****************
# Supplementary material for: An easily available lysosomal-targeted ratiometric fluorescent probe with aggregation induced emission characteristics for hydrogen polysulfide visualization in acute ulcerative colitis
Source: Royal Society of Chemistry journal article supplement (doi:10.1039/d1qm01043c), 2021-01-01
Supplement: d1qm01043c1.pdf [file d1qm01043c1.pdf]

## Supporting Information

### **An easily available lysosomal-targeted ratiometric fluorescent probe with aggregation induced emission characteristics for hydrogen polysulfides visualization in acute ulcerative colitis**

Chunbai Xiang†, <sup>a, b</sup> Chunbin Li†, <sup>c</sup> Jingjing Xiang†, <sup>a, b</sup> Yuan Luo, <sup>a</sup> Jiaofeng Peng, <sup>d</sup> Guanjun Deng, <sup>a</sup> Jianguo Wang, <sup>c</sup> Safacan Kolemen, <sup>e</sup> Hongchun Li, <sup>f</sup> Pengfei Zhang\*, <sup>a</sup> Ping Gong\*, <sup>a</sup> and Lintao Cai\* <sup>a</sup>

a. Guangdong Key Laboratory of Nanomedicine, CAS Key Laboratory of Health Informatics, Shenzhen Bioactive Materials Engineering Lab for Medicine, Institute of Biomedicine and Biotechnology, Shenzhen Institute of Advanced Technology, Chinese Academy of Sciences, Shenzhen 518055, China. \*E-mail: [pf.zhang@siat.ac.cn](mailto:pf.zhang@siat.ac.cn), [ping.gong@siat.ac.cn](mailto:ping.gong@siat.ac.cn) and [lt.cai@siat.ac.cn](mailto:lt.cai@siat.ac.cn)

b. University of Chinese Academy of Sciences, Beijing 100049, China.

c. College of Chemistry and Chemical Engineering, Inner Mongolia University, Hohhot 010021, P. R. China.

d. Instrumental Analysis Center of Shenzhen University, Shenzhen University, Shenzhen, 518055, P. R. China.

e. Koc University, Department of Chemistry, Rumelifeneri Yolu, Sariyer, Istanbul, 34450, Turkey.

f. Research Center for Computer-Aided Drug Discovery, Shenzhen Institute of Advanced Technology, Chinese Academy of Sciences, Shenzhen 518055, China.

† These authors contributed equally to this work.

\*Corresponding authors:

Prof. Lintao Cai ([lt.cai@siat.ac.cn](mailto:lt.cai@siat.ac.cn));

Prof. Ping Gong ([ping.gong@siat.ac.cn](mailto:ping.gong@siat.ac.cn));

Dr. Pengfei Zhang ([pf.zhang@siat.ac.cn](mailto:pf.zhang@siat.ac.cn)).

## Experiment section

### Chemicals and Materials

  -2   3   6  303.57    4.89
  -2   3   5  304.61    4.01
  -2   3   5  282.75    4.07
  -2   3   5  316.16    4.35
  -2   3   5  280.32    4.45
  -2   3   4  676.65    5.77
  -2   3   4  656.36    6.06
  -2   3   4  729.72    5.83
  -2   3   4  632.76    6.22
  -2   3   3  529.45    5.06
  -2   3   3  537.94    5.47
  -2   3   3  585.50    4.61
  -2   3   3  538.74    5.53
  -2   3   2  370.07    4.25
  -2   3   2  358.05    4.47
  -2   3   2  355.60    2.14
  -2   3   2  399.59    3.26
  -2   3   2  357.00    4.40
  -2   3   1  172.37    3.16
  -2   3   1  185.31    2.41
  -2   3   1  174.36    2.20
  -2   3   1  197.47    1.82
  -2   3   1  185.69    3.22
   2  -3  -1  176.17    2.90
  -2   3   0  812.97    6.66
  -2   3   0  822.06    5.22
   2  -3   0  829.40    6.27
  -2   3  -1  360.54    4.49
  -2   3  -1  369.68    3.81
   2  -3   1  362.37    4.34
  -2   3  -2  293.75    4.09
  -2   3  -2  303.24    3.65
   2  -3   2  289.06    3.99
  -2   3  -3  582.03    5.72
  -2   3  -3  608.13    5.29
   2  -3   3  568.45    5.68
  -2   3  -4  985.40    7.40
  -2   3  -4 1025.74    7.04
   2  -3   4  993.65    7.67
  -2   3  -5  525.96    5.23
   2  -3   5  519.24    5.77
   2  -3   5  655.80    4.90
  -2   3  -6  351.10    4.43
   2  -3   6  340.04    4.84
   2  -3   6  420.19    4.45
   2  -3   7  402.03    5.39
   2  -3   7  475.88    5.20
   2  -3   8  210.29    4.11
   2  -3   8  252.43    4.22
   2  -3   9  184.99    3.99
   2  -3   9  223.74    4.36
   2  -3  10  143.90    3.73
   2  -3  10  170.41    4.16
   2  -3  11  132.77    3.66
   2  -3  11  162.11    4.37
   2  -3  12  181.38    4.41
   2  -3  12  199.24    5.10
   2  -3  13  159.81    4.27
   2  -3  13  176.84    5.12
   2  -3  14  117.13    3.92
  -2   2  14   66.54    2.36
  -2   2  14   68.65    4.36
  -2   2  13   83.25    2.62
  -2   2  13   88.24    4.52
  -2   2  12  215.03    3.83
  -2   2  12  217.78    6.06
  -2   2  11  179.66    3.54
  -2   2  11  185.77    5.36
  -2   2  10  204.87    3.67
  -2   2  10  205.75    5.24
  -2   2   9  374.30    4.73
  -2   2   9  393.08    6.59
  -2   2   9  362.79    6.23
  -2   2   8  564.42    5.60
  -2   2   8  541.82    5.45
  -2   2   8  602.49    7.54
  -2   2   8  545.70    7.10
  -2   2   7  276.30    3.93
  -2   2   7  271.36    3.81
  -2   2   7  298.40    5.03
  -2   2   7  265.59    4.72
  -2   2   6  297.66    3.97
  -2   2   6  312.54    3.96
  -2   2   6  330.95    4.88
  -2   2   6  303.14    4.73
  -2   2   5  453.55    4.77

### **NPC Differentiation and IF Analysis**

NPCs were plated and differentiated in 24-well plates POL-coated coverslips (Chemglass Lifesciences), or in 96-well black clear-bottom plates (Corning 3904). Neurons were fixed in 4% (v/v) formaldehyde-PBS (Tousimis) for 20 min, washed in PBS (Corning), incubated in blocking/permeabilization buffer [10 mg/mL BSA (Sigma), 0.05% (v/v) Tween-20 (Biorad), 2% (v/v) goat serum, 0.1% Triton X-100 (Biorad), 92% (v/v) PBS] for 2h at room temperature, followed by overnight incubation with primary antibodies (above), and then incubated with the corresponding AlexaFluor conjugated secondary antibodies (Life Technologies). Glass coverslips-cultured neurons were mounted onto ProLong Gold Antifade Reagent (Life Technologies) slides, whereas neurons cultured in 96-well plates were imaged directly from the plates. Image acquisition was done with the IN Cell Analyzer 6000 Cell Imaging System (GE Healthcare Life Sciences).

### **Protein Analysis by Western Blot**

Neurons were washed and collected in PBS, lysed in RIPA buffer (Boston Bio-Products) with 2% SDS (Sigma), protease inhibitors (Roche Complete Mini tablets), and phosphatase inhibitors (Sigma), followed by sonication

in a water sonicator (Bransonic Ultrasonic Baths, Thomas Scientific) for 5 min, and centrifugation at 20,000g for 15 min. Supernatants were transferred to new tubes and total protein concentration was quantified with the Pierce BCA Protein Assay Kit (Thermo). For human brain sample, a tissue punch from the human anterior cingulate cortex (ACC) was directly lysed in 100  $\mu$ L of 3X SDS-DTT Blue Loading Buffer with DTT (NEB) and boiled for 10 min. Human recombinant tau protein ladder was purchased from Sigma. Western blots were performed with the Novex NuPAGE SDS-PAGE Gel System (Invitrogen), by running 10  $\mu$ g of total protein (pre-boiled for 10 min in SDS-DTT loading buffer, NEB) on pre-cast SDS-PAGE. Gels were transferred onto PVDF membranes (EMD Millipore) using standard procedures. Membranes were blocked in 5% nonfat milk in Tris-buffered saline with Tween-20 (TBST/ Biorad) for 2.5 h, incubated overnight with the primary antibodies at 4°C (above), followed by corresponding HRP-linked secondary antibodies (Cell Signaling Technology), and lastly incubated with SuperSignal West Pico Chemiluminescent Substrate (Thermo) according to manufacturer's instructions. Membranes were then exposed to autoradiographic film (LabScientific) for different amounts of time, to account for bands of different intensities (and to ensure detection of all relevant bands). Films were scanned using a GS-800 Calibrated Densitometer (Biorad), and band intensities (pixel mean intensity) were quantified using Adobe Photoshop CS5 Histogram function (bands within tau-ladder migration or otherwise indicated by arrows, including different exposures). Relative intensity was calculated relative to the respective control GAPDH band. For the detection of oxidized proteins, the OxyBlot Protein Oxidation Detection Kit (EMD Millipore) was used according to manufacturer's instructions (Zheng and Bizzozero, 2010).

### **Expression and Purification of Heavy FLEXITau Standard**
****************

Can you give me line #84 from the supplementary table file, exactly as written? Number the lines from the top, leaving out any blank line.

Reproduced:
  -2   2  12  215.03    3.83